21 June 1764, Rear Admiral Sir Sidney Smith was born in Westminster, one of the most raffish naval officers, celebrated most for his support during the Siege of Acre against Napoleon.
“That man made me miss my destiny" (Napoleon Bonaparte)
|Somewhat romantic view of Acre by F. Spilsbury with Smith's "Tigre" and a picturesque dhow in the foreground|
It was, naturally, below the dignity of an officer and gentleman to actually work beyond the scope of one’s patriotic duty. And in contrast to a pongo, an army officer, who bought his commission and usually came from a wealthy background, naval men had earned their rank by merit and had to live on the dreaded half-pay if they were not assigned to a ship. Thus, when the navy was reduced to peace-time size after the end of the American War in 1783, many sought employment elsewhere, in the navies of Russia, the Ottoman Empire or Sweden. And they were welcomed with open arms there. Sidney Smith, though, came from a wealthy family and didn’t have to worry overmuch about his livelihood, was free to travel and finally, in 1790, signed on with the Royal Swedish Navy, distinguished himself in the Battle of Svensksund against the Russians and gained a knighthood from King Gustav III. Unfortunately, a lot of fellow Britons served on Empress Catherine the Great’s ships, some were killed in action and a Swedish knighthood didn’t do exactly much to endear Smith to his brother officers when he returned back home. King George III acknowledged the “Swedish Knight’s” foreign title after he did some rather useful work when Toulon was evacuated after war had broken out with revolutionary France. It was there that Smith opposed Napoleon for the first time. Back home, Sir Sidney Smith was given command of His Majesty’s frigate “Diamond” and joined the Western Frigate Squadron along with Sir Edward Pellew’s famous “Indefatigable” and began to harass the French coast pretty much in the same way like Cochrane did ten years later off southeastern Spain, specialised in inshore work and finally was caught during a cutting-out operation in Le Havre in 1796. He spent two years in prison since the Directoire simply refused to exchange him and was finally freed in a Royalist coup and escaped back home to England.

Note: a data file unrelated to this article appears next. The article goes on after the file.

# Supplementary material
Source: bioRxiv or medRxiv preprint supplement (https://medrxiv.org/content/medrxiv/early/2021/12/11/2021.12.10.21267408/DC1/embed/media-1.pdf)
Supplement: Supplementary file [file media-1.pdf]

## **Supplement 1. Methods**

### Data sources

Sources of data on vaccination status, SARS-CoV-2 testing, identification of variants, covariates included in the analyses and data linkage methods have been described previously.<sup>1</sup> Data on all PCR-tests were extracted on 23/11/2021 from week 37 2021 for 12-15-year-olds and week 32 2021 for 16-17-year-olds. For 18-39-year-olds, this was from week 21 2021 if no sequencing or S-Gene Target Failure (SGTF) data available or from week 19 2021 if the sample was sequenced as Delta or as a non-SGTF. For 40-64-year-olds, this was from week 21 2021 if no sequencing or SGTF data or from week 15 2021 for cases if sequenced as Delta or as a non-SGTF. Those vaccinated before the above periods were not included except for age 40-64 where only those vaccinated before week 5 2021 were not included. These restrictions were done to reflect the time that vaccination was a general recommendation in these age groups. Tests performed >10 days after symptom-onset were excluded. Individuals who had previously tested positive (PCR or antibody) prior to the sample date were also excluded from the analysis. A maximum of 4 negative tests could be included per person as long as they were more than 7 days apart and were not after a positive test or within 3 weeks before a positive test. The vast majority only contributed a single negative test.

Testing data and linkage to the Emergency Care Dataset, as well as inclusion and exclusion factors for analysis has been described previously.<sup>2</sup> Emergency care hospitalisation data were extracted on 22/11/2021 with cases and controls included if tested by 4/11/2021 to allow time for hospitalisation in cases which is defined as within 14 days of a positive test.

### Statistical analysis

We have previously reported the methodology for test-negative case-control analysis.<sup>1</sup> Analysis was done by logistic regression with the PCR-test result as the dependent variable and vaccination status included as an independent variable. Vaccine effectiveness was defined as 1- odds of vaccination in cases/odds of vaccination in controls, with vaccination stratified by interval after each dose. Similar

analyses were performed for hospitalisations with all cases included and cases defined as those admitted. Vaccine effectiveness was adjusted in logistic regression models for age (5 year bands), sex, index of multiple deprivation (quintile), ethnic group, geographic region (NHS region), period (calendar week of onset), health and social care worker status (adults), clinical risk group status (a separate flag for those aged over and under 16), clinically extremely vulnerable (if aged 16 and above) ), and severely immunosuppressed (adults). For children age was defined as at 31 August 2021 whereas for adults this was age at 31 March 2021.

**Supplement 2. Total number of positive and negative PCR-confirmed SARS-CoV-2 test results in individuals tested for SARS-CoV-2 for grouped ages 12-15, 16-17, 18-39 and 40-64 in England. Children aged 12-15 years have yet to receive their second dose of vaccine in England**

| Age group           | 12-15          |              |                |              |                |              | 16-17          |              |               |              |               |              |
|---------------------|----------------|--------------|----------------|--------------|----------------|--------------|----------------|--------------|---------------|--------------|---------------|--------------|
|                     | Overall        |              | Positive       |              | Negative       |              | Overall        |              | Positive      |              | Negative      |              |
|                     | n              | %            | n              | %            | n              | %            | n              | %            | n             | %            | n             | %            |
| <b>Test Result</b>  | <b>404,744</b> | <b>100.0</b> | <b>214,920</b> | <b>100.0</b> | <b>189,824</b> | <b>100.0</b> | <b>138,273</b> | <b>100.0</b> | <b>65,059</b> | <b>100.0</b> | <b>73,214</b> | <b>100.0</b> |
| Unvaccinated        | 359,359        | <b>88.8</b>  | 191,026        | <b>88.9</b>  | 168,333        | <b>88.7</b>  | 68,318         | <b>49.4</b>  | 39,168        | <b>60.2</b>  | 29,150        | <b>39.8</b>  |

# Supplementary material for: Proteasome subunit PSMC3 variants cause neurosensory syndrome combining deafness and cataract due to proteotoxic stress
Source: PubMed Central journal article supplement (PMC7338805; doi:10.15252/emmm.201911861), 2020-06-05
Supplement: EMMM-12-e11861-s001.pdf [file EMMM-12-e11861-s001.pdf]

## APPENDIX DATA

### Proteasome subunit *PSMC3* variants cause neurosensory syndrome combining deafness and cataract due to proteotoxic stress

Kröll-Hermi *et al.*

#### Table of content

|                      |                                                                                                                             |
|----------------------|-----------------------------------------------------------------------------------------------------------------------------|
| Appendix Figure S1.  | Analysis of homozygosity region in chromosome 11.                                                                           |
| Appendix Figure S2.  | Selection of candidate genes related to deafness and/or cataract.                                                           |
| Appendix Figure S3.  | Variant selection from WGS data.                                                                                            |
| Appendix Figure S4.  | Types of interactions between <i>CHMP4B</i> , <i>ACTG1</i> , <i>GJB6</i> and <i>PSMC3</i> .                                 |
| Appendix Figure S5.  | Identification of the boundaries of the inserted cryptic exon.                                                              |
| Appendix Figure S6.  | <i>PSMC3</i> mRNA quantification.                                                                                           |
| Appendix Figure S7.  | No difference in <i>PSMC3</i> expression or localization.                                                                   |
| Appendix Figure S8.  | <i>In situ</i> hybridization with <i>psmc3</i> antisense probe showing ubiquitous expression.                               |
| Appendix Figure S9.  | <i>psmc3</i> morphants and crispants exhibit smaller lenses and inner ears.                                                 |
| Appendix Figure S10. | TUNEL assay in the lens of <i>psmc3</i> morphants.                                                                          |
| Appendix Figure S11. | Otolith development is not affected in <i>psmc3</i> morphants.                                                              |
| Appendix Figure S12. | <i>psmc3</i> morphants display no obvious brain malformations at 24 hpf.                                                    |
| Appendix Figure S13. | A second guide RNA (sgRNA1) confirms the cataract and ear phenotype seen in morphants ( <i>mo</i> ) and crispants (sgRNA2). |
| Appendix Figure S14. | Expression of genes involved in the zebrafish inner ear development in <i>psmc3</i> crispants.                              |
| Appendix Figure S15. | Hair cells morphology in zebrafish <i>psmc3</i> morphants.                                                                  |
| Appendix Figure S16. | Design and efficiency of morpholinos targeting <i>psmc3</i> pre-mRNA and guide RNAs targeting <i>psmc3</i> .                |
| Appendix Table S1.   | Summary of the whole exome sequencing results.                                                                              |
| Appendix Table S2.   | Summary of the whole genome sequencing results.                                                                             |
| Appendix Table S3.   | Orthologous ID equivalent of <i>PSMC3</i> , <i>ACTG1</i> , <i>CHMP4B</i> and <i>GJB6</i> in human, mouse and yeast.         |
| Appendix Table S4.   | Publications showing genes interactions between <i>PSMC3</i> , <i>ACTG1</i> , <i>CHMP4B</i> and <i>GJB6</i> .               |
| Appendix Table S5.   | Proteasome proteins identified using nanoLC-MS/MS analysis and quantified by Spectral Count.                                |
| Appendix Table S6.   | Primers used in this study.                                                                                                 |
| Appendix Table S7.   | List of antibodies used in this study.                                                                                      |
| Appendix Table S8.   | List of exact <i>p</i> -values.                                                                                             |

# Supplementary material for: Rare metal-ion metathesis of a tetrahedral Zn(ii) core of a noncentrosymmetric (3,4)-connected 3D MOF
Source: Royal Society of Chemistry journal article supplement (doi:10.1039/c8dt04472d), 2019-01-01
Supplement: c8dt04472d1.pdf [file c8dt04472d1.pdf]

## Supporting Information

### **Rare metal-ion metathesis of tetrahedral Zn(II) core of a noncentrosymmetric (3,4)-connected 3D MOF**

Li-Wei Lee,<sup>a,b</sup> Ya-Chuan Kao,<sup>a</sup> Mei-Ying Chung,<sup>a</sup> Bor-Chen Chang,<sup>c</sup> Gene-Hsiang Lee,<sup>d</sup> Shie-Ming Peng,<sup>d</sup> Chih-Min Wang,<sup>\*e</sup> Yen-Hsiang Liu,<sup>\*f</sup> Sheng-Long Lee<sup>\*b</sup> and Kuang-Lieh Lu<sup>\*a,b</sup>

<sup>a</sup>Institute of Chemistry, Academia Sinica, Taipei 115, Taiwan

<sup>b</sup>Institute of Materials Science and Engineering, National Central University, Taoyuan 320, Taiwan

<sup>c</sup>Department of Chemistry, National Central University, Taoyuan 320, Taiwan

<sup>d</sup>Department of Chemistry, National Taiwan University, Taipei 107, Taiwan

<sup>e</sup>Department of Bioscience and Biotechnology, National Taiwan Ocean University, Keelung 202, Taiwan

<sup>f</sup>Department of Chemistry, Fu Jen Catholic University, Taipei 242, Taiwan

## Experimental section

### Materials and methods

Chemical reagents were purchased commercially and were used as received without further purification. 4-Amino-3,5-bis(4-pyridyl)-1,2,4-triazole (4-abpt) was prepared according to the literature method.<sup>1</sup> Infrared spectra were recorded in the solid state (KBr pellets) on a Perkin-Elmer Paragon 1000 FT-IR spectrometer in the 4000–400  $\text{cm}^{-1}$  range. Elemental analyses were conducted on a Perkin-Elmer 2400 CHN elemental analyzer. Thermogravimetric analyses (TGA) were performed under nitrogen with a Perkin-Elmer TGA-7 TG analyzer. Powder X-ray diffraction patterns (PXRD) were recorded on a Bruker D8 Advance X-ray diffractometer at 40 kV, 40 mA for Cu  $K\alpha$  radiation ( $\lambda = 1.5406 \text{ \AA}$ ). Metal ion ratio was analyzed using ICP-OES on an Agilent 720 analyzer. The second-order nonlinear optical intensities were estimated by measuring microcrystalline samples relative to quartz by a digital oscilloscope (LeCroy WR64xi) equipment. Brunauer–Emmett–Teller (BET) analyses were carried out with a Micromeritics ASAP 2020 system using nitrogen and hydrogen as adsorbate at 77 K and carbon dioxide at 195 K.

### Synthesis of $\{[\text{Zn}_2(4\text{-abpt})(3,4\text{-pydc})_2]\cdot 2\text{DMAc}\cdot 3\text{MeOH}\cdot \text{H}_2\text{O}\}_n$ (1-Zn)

|"St. John d'Acre with H.B.M's ships Le Tigre & Theseus employed in its defence 2. May 1799"|
|Smith heroically defending Acre, as imagined by John Eckstein |
(1735 – 1817)
Sacrificing his newly won reputation by negotiating the Convention of El-Arish with General Kleber, basically allowing the rest of the Armée d'Orient to return to France on ships of the Royal Navy, the hare-brained scheme did not exactly make Sir Sidney popular with Nelson and Lord Keith, the supreme British commander in the Med. Recalled back to England, the plan was nevertheless executed in 1801 when Nelson and Keith had turned their backs. And while he busied himself with new naval inventions, Trafalgar was won and the requirements on the navy were exactly his provenience, coastal warfare, combined operations with British and allied troops and guerrillas as well as large scale use of squadrons of battleships to exert diplomatic pressure. Even though Smith was promoted to Rear Admiral in 1805, he still had a strong independent streak that made him ignore or rebuff his superiors, a trait that is fatal for every career in every organisation since time immemorial. Sir Sidney Smith excelled in several small-scale operations in the Mediterranean theatre, but was usually ordered to disengage from his plans at some point or was completely ignored. Probably his most memorable assignment was evacuating the Portuguese Royal Family to Brazil in 1807. During the Hundred Days and afterwards, Sidney Smith did some diplomatic work, campaigned for a better treatment of war-disabled and against slavery and finally died in Paris at the age of 74, a man with independent ideas, a high grade of professionalism in his chosen field and unorthodox enough to be become a second Nelson but without having the opportunity beyond the Siege of Acre.
And more about Sir Sidney Smith on: